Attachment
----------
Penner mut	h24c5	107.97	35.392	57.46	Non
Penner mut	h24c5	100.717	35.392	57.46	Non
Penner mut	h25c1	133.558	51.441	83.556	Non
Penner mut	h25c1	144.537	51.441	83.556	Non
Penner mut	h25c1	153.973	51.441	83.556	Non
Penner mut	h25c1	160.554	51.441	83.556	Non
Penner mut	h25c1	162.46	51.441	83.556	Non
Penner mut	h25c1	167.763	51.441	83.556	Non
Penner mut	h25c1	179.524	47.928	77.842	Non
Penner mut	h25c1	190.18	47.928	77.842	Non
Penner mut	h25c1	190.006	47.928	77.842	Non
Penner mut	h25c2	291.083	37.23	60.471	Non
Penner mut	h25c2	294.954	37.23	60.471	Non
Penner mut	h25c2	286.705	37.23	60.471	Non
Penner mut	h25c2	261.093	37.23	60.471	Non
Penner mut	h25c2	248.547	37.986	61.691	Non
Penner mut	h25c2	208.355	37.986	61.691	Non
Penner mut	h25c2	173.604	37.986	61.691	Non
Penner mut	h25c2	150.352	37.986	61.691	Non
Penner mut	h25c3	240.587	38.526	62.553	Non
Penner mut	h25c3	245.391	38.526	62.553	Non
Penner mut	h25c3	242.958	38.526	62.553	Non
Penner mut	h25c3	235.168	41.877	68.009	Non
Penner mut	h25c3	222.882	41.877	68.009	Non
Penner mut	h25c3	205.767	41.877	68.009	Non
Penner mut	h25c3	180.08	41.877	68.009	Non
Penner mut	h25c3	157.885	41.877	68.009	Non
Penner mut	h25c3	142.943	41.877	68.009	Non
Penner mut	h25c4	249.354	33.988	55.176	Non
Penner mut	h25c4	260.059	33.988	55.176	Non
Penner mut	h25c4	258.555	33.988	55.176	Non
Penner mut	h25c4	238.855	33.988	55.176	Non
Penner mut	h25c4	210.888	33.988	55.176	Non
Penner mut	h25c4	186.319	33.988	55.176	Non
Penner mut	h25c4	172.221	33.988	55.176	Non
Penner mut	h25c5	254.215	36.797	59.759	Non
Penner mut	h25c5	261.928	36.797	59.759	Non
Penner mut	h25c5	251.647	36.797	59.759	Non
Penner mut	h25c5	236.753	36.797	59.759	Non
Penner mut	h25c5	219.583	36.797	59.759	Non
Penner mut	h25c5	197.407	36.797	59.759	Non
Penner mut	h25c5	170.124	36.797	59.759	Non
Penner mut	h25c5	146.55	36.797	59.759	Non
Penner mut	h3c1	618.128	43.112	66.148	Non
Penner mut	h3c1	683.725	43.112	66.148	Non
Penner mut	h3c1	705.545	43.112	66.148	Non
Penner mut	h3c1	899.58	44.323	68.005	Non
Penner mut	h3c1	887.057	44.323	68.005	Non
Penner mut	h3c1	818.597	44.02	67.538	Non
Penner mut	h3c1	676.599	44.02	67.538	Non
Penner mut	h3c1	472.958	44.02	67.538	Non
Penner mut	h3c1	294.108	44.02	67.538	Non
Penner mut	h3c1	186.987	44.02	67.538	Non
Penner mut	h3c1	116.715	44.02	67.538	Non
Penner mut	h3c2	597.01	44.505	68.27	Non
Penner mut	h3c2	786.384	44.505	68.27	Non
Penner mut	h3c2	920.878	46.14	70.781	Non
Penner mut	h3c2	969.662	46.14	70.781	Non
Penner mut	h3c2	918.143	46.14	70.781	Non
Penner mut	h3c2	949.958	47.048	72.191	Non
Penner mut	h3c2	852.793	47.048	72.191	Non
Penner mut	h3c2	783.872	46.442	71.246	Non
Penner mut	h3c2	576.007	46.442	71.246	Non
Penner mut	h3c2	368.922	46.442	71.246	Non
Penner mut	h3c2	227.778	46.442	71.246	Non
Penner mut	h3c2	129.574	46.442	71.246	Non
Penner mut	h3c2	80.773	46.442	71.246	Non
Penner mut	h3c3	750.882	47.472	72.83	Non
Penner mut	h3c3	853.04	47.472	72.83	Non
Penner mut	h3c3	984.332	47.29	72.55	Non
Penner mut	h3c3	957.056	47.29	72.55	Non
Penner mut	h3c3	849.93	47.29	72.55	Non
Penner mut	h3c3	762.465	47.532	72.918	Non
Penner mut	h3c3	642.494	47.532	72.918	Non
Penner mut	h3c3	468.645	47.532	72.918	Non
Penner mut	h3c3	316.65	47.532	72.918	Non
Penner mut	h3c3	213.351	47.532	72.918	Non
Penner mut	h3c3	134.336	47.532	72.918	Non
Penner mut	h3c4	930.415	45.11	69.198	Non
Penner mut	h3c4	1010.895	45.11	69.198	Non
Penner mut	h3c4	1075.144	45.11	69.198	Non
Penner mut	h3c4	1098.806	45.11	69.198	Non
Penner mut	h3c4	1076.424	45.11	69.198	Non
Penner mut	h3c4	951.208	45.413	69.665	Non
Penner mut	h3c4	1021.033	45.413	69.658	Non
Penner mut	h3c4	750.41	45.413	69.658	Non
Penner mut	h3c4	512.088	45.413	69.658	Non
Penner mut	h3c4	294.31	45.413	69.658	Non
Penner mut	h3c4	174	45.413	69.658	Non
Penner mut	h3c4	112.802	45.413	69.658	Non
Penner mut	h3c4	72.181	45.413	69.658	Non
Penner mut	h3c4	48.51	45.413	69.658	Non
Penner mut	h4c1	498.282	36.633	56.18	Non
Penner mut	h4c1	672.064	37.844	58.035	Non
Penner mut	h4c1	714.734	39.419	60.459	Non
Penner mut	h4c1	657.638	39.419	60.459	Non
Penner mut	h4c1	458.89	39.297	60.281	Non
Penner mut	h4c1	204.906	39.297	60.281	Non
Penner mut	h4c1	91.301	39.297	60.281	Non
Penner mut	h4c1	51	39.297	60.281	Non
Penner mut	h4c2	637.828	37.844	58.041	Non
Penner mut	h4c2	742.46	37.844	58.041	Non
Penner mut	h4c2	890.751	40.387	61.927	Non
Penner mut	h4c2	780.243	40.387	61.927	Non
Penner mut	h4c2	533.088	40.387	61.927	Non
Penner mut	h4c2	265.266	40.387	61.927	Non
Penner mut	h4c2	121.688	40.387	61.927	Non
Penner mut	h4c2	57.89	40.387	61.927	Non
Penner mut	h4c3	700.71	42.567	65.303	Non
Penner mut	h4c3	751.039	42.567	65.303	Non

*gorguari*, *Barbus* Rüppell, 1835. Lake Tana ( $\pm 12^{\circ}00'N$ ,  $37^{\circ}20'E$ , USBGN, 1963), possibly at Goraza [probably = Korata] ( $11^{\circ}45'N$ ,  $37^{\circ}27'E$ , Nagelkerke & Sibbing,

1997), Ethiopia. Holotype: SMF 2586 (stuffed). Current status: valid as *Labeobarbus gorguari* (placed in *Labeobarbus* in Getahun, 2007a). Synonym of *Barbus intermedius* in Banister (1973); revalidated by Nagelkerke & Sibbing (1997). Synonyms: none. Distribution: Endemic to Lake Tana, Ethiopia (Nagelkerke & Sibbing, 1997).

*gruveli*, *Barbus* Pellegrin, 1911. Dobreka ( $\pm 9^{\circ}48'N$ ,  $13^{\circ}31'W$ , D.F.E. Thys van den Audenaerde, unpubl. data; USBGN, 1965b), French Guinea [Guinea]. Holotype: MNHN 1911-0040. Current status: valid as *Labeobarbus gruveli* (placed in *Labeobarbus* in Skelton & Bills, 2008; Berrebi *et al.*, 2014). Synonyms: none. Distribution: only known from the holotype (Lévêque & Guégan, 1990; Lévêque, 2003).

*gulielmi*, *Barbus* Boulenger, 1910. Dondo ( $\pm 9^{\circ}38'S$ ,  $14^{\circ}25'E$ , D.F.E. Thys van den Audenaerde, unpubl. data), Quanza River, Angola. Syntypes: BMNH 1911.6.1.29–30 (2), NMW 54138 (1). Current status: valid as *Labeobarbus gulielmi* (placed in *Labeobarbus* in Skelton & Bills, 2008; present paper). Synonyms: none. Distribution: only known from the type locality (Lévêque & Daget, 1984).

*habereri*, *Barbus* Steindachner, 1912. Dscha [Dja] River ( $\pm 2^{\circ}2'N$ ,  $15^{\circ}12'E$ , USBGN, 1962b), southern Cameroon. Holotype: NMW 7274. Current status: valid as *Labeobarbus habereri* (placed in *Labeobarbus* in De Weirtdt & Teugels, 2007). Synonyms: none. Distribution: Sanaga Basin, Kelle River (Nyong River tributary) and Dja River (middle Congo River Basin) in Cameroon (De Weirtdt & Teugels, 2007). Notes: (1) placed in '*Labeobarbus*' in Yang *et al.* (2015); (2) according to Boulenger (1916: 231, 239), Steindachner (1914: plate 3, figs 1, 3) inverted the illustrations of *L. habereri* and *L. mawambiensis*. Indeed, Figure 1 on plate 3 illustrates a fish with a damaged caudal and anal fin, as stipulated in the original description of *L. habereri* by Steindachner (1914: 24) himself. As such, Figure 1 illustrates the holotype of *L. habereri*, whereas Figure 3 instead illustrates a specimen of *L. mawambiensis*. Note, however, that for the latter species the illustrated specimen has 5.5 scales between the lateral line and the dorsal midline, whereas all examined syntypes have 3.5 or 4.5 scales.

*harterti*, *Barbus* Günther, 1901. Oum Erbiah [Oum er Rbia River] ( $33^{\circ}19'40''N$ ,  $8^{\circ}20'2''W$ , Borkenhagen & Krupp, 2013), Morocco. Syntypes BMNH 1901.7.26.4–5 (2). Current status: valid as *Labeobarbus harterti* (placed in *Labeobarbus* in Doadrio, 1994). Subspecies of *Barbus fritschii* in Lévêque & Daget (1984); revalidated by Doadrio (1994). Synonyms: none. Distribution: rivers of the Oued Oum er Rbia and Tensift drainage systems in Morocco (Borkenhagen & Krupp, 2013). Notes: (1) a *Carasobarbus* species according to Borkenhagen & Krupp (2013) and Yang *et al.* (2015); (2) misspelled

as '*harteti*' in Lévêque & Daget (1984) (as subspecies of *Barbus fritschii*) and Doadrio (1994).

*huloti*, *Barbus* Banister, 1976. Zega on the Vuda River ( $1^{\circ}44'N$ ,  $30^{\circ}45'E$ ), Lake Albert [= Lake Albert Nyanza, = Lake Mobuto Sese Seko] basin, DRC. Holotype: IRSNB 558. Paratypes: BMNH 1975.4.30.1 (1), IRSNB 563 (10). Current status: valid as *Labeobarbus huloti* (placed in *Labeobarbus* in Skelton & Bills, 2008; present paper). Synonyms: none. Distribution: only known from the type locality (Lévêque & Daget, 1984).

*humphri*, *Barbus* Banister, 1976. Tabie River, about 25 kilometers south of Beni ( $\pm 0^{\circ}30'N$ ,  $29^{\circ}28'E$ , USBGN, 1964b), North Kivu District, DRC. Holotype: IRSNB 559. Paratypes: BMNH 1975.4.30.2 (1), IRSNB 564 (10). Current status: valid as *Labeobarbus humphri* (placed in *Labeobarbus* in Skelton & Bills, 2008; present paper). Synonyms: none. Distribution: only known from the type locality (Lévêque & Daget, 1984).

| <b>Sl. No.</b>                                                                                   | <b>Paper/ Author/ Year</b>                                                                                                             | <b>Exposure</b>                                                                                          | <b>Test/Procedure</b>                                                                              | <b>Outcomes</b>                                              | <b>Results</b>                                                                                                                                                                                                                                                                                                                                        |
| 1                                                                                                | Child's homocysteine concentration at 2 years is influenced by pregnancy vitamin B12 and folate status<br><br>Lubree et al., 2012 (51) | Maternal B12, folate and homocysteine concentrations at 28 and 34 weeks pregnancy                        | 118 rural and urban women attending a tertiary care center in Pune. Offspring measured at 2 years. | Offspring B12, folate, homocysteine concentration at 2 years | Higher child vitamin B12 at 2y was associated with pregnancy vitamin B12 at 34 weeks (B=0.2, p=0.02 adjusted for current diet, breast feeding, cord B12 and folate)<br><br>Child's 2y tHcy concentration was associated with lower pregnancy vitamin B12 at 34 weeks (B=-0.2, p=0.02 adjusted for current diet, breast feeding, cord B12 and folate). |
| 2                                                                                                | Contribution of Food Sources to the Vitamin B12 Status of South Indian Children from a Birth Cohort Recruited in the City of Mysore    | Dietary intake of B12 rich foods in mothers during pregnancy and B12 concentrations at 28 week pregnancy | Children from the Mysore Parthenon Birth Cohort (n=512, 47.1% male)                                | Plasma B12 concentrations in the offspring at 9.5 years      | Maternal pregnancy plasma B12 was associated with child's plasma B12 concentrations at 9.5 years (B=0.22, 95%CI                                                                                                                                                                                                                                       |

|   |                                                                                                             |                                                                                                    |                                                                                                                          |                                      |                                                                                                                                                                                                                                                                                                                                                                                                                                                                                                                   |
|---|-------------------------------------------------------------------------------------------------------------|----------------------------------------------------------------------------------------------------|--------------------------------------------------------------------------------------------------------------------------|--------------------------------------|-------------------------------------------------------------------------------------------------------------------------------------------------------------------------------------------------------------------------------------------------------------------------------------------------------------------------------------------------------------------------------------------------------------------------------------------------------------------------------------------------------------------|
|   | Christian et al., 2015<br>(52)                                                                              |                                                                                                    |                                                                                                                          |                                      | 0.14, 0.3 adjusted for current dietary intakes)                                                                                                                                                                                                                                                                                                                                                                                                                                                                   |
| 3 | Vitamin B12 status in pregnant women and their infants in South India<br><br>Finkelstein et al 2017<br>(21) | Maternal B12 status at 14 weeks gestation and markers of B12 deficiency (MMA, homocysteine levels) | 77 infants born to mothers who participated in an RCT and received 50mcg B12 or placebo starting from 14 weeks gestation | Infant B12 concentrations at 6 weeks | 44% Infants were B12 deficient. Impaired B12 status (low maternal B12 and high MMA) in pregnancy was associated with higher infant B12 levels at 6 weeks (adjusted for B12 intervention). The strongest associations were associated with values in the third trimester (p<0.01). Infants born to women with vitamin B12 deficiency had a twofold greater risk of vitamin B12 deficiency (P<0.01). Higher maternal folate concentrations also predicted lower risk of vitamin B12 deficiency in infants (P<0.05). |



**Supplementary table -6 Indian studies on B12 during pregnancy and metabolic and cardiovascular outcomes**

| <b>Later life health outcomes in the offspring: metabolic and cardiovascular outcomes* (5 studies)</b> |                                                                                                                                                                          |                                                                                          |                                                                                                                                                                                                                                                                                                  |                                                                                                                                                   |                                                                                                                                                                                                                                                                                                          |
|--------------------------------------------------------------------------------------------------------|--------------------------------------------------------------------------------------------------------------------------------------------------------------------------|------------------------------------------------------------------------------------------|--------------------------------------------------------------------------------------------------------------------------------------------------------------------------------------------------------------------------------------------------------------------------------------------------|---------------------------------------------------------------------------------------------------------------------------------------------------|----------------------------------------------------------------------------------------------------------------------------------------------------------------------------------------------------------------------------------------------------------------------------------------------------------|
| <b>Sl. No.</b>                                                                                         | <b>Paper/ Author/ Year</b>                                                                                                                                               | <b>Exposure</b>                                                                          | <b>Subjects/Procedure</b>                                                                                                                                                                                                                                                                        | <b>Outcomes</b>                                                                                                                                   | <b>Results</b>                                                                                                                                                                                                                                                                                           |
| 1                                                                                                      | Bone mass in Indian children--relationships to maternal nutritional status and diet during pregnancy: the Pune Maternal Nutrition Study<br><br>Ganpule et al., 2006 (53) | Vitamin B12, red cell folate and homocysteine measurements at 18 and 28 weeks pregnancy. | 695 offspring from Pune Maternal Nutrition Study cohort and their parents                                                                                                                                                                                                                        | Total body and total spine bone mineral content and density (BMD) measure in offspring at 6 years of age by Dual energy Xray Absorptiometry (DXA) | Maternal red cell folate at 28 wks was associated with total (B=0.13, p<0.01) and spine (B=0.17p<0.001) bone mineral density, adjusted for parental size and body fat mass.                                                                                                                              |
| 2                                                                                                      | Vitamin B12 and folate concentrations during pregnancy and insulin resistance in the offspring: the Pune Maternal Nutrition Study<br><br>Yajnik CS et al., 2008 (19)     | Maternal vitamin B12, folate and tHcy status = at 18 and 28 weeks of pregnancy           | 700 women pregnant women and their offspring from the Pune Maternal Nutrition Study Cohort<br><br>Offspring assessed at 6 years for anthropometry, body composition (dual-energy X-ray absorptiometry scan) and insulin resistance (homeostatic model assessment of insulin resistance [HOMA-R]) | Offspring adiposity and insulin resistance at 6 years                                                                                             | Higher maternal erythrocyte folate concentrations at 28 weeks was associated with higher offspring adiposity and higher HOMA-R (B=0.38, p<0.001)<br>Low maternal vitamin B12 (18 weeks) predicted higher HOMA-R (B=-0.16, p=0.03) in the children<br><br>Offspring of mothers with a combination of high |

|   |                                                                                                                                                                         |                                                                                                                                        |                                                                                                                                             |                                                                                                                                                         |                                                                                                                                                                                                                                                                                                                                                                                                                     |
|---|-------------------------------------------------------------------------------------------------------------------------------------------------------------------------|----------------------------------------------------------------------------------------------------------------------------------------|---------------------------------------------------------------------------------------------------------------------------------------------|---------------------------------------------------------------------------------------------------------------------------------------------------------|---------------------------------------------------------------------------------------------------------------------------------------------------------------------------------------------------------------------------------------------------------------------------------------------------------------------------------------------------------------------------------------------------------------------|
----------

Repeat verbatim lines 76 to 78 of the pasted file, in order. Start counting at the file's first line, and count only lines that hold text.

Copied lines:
Penner mut	h3c3	316.65	47.532	72.918	Non
Penner mut	h3c3	213.351	47.532	72.918	Non
Penner mut	h3c3	134.336	47.532	72.918	Non